I think this sounds cool, but can it work for a game like Advance Wars where *all* enemy units make a move before the player's turn is over?

In chess, the opponent only moves one peice at a time, so if you're looking ahead for 8 turns then you're only looking ahead 8 moves. But in Advance Wars your opponent may very well move dozens of units before their turn is up. Won't this make looking ahead any number of turns unmanagable?

Or am I not getting you?

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Assume you have 10K units.
Assume they each has 6 possible moves.
Assume they can do each of there moves on 12 different objects.
Assume you are searching 3 deep.

Thats (10000*6*12)^3 = 3.73248 × 10^17

No way yo ucan search that.

From,
Nice coder

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Original post by DangerCode
Hi guys,

I'm working on a small turn based strategy game similar to Advance Wars or Military Madness or Fire Emblem.

What AI techonologies are useful for a game like this? How feasible is to use newer techs like GAs or NNs to come up with a challenging computer opponent?

If possible, I'd like to author a pretty good AI solution without writing a huge clump of "if" branches.

Any advice?


If you are familiar with these games, Nice Coder, you would know that the most units he might see might be 20-30 on a game map at once. If he only looks at plays that result in attacks, then he could reduce his search space to something around chess pretty easily.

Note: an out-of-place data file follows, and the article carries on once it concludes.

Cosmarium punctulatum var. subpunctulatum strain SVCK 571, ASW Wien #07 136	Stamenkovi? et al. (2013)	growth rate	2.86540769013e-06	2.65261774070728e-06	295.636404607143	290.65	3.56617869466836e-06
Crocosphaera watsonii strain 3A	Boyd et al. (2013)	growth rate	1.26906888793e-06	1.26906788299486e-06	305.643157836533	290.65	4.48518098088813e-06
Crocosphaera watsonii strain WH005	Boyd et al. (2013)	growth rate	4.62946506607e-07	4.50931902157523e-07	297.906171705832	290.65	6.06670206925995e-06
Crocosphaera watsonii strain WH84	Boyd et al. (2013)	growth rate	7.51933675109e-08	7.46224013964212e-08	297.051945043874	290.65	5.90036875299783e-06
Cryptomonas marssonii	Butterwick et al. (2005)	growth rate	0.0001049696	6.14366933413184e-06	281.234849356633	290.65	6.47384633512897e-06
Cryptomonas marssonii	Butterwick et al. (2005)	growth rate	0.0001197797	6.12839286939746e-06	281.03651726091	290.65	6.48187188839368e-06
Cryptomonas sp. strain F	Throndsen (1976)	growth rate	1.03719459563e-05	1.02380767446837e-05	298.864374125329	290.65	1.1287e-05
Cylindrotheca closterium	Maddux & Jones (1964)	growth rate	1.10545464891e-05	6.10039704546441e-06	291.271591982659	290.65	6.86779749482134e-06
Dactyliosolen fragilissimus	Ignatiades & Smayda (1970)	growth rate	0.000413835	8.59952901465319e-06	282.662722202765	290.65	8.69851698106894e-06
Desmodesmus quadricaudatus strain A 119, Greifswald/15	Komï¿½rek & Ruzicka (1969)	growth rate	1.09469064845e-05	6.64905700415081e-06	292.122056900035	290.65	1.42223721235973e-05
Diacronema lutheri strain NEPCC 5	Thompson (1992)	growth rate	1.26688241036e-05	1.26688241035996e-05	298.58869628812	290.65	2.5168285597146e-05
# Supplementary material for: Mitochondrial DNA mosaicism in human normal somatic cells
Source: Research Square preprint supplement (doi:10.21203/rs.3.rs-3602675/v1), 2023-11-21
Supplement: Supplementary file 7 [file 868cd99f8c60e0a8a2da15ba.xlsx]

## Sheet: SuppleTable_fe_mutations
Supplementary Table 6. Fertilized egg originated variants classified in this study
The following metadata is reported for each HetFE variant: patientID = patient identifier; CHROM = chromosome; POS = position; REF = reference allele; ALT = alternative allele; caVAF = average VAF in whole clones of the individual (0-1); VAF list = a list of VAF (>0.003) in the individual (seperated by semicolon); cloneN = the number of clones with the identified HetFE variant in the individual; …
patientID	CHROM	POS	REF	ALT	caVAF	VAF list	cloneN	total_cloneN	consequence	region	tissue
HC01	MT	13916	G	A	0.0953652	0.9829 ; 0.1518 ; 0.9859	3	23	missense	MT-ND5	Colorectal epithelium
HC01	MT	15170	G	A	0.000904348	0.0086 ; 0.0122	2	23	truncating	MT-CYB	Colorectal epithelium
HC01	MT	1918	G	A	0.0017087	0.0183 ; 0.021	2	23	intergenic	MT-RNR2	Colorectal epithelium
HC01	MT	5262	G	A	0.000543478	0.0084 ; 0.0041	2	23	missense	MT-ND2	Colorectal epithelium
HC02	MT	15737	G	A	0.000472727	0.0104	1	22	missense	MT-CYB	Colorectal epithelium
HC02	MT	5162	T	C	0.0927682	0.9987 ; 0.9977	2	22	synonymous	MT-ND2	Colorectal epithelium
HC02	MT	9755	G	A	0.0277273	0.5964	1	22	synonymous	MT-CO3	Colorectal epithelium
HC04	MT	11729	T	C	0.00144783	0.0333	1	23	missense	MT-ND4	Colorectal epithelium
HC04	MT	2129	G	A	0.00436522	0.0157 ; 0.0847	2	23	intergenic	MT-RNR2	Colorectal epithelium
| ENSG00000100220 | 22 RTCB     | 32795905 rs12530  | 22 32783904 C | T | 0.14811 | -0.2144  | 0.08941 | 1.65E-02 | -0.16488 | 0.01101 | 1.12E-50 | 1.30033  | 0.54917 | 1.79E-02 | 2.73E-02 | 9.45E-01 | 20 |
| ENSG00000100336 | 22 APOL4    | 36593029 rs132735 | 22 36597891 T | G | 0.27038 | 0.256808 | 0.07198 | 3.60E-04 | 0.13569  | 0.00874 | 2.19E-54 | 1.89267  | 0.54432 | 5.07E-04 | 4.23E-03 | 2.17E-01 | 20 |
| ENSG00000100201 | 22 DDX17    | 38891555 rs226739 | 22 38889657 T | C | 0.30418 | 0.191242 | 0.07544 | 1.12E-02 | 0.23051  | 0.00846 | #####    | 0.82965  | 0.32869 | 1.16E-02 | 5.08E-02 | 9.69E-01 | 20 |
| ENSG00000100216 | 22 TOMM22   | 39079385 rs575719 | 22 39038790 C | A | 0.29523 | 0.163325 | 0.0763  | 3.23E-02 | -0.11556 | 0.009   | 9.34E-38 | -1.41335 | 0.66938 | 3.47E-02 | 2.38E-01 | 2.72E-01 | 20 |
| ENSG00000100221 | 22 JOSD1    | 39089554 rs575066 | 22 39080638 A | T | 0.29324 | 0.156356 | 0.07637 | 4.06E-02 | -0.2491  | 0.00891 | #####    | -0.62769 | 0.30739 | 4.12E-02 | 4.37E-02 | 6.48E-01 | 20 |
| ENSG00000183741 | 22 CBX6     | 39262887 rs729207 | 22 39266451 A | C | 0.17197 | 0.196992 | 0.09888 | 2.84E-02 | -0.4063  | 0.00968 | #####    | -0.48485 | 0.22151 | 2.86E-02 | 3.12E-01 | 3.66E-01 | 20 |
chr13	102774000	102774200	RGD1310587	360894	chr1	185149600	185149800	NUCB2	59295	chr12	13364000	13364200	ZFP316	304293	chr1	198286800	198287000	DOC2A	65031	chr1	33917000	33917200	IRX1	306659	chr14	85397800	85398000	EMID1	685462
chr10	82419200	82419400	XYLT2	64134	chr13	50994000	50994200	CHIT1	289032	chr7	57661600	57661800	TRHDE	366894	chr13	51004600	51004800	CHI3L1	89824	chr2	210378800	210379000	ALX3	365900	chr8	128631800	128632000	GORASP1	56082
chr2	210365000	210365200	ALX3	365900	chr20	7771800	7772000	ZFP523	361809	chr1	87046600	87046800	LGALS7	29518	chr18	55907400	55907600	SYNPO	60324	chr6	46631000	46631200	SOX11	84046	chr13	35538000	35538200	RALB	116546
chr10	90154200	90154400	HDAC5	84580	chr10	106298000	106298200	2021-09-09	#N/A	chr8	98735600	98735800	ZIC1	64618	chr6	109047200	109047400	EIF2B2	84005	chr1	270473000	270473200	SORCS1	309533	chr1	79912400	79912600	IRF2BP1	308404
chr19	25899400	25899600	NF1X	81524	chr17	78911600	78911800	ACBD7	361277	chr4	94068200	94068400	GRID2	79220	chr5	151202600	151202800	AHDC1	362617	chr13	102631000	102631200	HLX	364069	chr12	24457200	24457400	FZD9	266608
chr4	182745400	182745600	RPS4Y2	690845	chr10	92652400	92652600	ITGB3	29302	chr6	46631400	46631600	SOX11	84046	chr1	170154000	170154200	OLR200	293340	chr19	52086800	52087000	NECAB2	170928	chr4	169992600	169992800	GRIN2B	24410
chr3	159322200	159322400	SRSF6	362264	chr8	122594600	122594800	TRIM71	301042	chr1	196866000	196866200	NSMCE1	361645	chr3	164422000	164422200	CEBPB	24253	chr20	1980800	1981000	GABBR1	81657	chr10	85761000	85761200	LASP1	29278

You are right though, Nice Coder, it would be difficult to search 3 deep with what you described. Unfortunately, that really doesn't pertain to DangerCode's game at all.

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Original post by DangerCode
Quote:
Original post by Zefrieg
You should read up on minimax and alpha beta searches, Prozak. By limiting the depth that the computer can search for the next best move, you can control the difficulty. Obviously an AI that only looks ahead 3 moves would be worse than one that looks ahead 8 moves.


I think this sounds cool, but can it work for a game like Advance Wars where *all* enemy units make a move before the player's turn is over?

In chess, the opponent only moves one peice at a time, so if you're looking ahead for 8 turns then you're only looking ahead 8 moves. But in Advance Wars your opponent may very well move dozens of units before their turn is up. Won't this make looking ahead any number of turns unmanagable?

Or am I not getting you?


Well, you certainly wouldn't brute force something with so many moves. You would basically have to pick out specific moves that might have the highest utility like a stronger unit attacking a weaker opponent.

Also, you don't have to look at the game from the perspective of the whole board either. You could break it down into layers. Perhaps at the highest level you look at the number of units in say a 4x4 square region. Obviously, if the player has 5 units in that area, and the computer has 1, then it might be good for the computer to pull that unit back to a 4x4 square region that has more computer units. If the computer has an equal or greater amount of units in a 4x4 square region, you might run alpha beta on that section to determine what moves the units contained within should do to maximize damage to the opponent and minimize damage to themselves.